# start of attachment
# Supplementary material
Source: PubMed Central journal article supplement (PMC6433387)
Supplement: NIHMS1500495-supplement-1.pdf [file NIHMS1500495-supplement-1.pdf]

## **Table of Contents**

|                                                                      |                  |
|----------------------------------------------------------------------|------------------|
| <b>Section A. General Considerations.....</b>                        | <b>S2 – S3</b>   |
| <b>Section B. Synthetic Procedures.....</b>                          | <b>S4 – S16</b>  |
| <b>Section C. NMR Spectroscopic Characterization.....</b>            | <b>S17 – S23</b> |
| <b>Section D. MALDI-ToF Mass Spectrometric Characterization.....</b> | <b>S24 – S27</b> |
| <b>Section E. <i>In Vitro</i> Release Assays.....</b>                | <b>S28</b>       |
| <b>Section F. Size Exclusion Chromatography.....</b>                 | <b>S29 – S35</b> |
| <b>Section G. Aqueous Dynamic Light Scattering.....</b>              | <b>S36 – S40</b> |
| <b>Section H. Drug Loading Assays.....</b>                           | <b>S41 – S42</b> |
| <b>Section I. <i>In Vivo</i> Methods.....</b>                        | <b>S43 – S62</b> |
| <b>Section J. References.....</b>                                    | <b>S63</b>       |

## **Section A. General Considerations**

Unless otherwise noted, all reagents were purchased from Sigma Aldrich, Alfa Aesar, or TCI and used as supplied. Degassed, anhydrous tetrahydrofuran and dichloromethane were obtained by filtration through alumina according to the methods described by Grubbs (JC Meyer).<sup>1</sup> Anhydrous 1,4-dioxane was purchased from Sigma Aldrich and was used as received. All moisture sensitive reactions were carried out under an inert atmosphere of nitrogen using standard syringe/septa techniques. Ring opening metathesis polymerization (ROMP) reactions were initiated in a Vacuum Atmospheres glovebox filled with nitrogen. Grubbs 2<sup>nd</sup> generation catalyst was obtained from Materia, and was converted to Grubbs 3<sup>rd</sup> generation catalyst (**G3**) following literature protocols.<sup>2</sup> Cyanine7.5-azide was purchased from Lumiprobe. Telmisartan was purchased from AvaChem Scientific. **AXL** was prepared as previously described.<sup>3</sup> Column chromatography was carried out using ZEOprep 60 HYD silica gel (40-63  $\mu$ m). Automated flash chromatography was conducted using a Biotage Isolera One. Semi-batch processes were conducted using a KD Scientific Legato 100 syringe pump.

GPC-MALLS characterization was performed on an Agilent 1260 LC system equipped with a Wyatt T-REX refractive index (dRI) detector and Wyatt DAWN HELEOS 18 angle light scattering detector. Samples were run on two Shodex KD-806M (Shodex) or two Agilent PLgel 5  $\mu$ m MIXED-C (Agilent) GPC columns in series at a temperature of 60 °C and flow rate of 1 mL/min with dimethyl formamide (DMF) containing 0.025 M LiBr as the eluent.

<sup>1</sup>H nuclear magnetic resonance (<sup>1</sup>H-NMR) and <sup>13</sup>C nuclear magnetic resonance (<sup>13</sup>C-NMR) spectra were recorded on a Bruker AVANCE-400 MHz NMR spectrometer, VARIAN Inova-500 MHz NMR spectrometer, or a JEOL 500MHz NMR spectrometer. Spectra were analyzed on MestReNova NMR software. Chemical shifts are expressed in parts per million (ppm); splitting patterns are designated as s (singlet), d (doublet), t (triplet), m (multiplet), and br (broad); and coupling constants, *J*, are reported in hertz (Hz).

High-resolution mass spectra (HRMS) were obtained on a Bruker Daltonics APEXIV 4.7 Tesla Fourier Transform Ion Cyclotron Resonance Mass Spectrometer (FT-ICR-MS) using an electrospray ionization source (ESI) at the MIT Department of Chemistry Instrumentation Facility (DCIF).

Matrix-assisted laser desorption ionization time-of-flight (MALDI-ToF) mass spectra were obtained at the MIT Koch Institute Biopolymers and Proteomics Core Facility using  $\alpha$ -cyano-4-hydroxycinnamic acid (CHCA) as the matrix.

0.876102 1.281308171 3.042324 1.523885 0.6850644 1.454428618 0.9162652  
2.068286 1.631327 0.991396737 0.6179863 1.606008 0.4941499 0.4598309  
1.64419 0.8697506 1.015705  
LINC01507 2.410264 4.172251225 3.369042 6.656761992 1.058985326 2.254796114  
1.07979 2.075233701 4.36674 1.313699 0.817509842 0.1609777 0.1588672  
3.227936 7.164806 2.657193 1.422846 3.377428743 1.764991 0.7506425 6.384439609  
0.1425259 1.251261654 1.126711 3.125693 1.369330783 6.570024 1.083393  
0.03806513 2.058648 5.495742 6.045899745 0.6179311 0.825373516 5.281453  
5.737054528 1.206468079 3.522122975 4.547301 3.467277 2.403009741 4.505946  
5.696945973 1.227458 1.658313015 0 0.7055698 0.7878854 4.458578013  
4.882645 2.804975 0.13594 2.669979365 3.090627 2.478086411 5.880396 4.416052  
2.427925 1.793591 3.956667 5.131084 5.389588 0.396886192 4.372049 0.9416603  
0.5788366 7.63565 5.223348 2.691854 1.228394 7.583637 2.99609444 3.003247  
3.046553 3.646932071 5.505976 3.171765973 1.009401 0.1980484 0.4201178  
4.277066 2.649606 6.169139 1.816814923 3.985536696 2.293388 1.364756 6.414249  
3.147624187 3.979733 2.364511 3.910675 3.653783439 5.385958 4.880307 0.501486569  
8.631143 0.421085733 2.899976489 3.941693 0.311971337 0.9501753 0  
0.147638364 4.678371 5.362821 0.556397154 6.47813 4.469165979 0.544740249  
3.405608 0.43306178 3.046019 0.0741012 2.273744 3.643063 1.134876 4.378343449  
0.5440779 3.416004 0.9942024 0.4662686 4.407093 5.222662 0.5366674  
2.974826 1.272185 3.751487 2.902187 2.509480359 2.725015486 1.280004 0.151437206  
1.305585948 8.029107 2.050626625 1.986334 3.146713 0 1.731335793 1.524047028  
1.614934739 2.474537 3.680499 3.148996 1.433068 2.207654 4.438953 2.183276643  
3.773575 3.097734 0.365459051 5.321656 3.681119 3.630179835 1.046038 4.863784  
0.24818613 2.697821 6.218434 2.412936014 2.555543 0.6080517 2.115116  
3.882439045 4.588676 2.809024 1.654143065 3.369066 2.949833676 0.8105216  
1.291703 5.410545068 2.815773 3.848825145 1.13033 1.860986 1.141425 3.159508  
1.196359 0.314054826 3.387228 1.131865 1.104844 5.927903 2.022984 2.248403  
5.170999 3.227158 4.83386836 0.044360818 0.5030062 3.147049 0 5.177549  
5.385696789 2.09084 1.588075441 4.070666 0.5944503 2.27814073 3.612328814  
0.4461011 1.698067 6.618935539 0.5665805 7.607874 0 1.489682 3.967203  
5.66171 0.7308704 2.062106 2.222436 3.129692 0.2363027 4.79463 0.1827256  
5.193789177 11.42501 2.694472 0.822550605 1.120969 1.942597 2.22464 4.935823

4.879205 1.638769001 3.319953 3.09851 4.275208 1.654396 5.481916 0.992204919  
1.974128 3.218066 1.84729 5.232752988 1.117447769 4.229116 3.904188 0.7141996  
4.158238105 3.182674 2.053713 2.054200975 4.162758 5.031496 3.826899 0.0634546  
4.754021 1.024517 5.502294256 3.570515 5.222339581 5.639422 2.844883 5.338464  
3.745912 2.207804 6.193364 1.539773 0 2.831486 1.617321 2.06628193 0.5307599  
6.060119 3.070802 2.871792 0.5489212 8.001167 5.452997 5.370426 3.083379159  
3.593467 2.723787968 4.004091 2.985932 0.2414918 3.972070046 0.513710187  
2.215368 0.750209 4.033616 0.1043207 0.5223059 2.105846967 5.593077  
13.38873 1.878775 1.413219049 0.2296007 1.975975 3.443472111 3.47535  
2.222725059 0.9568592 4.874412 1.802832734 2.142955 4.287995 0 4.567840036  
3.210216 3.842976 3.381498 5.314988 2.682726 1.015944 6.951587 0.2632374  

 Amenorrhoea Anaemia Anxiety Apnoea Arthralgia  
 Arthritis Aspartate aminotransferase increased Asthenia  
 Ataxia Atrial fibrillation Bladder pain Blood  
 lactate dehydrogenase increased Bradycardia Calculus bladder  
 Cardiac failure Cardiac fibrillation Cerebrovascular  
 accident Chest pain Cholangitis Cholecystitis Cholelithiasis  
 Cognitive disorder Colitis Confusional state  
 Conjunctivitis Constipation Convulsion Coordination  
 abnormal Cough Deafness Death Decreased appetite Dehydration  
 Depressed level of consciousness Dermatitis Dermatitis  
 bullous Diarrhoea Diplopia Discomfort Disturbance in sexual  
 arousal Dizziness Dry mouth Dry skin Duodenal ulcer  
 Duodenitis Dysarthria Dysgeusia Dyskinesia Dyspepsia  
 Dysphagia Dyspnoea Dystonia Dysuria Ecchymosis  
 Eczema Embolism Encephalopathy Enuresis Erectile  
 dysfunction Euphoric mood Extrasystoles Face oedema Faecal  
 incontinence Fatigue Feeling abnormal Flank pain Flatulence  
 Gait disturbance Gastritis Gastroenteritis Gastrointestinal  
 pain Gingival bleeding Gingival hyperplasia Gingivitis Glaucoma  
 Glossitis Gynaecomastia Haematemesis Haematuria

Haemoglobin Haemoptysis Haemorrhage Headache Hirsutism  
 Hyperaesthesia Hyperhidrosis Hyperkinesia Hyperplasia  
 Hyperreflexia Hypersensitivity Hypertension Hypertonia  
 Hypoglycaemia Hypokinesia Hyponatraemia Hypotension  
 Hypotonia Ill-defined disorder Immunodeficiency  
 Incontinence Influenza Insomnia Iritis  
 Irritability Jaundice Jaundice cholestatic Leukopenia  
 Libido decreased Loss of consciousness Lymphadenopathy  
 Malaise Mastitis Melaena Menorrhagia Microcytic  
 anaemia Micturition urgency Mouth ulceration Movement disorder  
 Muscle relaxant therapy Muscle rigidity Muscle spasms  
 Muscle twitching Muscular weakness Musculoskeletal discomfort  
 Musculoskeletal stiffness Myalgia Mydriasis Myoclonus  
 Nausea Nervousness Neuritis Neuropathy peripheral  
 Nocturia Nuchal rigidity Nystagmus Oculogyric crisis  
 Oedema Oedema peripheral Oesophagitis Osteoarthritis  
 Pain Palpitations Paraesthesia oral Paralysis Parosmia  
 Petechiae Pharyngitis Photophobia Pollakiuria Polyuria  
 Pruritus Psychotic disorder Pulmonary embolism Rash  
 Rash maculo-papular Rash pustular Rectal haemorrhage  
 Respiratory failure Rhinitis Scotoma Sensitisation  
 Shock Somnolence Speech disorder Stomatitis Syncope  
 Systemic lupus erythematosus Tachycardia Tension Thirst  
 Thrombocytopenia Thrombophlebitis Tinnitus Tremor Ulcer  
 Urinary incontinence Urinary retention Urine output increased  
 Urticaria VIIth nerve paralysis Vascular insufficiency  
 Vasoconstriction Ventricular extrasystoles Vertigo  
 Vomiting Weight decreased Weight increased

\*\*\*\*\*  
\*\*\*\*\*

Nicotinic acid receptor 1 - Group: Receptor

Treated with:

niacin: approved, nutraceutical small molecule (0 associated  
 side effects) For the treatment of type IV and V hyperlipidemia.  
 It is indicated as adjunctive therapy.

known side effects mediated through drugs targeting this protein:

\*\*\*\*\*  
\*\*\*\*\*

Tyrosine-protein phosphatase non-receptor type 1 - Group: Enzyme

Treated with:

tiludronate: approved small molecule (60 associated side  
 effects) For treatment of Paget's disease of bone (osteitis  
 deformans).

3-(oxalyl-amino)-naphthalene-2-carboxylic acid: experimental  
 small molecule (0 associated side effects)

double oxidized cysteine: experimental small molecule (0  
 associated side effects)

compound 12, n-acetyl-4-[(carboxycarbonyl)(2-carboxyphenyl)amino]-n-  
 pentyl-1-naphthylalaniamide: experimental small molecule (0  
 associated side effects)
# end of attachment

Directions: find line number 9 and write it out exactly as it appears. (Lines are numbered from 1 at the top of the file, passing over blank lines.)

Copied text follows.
| <b>Section C. NMR Spectroscopic Characterization.....</b>            | <b>S17 – S23</b> |